Silkie Guinea Pigs

Silkie Guinea Pigs are also known as Sheltie Guinea Pigs, and have long hair that grows backwards. This breed was discovered in the UK in the 1970s and are often considered to be the most gentle guinea pig breed.

Silkies are laid back, and due to their extensive grooming needs should be owned by experienced guinea pig owners. They also have Satin cousins. 

Skinny Guinea Pigs

Another hairless guinea pig breed, Skinny Guinea Pigs do have a couple of furry spots on their back, legs, and feet.

They can live up to four years and will need another guinea pig around to keep them company.

Skinny Guinea Pigs don’t need to be groomed, but you still have to make sure their skin is healthy to avoid irritations and wounds.

It’s also important that they have the proper bedding and a blanket. This is another breed that isn’t recognized by the ACBA.

Teddy Guinea Pigs

Teddy Guinea Pigs are an easy to look after breed, with a dense, short coat that you only need to brush once in a while.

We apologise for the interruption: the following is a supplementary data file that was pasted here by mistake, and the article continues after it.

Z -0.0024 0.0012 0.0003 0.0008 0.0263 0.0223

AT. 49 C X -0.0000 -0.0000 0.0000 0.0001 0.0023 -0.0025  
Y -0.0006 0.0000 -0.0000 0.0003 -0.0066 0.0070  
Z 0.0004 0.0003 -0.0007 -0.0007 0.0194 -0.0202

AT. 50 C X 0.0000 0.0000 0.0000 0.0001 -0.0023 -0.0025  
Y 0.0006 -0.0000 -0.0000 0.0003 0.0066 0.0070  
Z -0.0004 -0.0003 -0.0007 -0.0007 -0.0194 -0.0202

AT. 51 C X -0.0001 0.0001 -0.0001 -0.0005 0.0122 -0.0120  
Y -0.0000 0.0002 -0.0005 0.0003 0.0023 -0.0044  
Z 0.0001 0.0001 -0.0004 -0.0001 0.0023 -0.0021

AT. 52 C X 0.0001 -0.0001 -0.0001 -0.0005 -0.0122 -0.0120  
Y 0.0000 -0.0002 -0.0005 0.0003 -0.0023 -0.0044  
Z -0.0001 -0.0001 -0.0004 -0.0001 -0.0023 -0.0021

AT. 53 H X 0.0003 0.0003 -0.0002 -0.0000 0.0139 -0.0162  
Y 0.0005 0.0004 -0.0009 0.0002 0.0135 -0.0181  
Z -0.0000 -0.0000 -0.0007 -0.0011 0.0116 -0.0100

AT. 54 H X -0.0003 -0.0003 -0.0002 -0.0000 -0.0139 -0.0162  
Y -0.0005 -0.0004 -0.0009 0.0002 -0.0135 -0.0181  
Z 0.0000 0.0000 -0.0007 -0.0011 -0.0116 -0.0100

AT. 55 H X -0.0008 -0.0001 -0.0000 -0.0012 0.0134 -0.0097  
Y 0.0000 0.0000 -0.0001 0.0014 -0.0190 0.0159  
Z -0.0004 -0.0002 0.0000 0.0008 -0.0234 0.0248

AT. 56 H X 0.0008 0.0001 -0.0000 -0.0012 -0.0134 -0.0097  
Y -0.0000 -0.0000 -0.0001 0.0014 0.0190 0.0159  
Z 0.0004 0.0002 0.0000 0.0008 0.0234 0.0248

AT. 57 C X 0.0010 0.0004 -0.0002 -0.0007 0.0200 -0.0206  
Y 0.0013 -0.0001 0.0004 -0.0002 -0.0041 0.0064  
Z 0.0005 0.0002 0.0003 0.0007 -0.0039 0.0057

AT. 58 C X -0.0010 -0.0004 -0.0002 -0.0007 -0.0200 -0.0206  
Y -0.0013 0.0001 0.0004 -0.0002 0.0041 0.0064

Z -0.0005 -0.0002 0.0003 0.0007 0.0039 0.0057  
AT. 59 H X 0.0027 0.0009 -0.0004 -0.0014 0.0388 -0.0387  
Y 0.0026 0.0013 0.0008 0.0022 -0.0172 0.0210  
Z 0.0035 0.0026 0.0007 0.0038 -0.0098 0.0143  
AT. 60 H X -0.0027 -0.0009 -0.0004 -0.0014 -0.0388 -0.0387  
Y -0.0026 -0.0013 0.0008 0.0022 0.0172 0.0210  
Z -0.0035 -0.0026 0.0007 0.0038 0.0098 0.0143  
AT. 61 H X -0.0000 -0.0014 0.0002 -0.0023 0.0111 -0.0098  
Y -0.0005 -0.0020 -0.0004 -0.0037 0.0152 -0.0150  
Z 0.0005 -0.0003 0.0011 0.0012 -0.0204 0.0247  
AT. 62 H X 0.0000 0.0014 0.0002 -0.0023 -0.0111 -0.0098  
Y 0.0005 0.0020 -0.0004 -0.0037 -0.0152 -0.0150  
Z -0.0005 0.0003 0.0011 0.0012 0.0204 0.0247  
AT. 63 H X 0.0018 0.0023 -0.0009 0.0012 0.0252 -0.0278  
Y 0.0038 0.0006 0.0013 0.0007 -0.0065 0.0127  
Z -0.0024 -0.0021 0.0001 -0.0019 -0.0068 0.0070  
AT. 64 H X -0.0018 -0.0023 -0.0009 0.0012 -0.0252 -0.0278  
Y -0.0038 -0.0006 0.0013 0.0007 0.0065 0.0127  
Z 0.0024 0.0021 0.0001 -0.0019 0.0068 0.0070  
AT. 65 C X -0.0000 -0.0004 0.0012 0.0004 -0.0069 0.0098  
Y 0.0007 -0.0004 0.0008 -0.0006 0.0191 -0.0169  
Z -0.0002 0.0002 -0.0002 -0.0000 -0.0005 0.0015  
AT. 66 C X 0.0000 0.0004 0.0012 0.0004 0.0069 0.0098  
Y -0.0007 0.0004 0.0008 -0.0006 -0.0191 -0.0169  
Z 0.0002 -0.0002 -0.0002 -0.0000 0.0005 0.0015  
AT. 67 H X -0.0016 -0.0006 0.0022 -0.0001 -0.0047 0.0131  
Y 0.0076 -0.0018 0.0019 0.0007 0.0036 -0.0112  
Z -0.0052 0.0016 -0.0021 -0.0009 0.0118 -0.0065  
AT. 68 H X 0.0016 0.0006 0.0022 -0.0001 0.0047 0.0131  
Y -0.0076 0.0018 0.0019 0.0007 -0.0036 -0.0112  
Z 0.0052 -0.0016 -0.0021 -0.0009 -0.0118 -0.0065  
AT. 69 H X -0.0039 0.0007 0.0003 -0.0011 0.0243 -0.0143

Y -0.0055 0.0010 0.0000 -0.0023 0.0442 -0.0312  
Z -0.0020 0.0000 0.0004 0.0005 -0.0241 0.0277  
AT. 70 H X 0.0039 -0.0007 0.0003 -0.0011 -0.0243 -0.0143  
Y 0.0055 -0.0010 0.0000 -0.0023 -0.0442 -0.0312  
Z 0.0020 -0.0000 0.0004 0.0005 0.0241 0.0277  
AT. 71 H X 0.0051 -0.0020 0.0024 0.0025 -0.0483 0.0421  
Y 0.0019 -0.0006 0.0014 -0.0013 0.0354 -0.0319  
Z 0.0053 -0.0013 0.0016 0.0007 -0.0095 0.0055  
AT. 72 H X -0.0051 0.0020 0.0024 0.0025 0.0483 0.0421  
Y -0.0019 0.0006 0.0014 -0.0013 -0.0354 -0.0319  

They’re also an ideal pet for a family with children, as they are playful and affectionate.

They are naturally sociable guinea pigs, but you should be careful about putting them in a cage with other guinea pigs. Teddy Satin Guinea Pigs also exist. 

Texel Guinea Pigs

Texel Guinea Pigs are one of the rarest guinea pig breeds, and are actually a cross between a Rex and a Silkie. Their fur gets easily tangled, which makes them quite difficult to look after. 

Final Thoughts

There you have it! 16 fluffy, fabulous guinea pigs! Guinea pigs come in many shapes and sizes, but pretty much all of them are curious, affectionate, and make perfect pets.

Olivia Kepner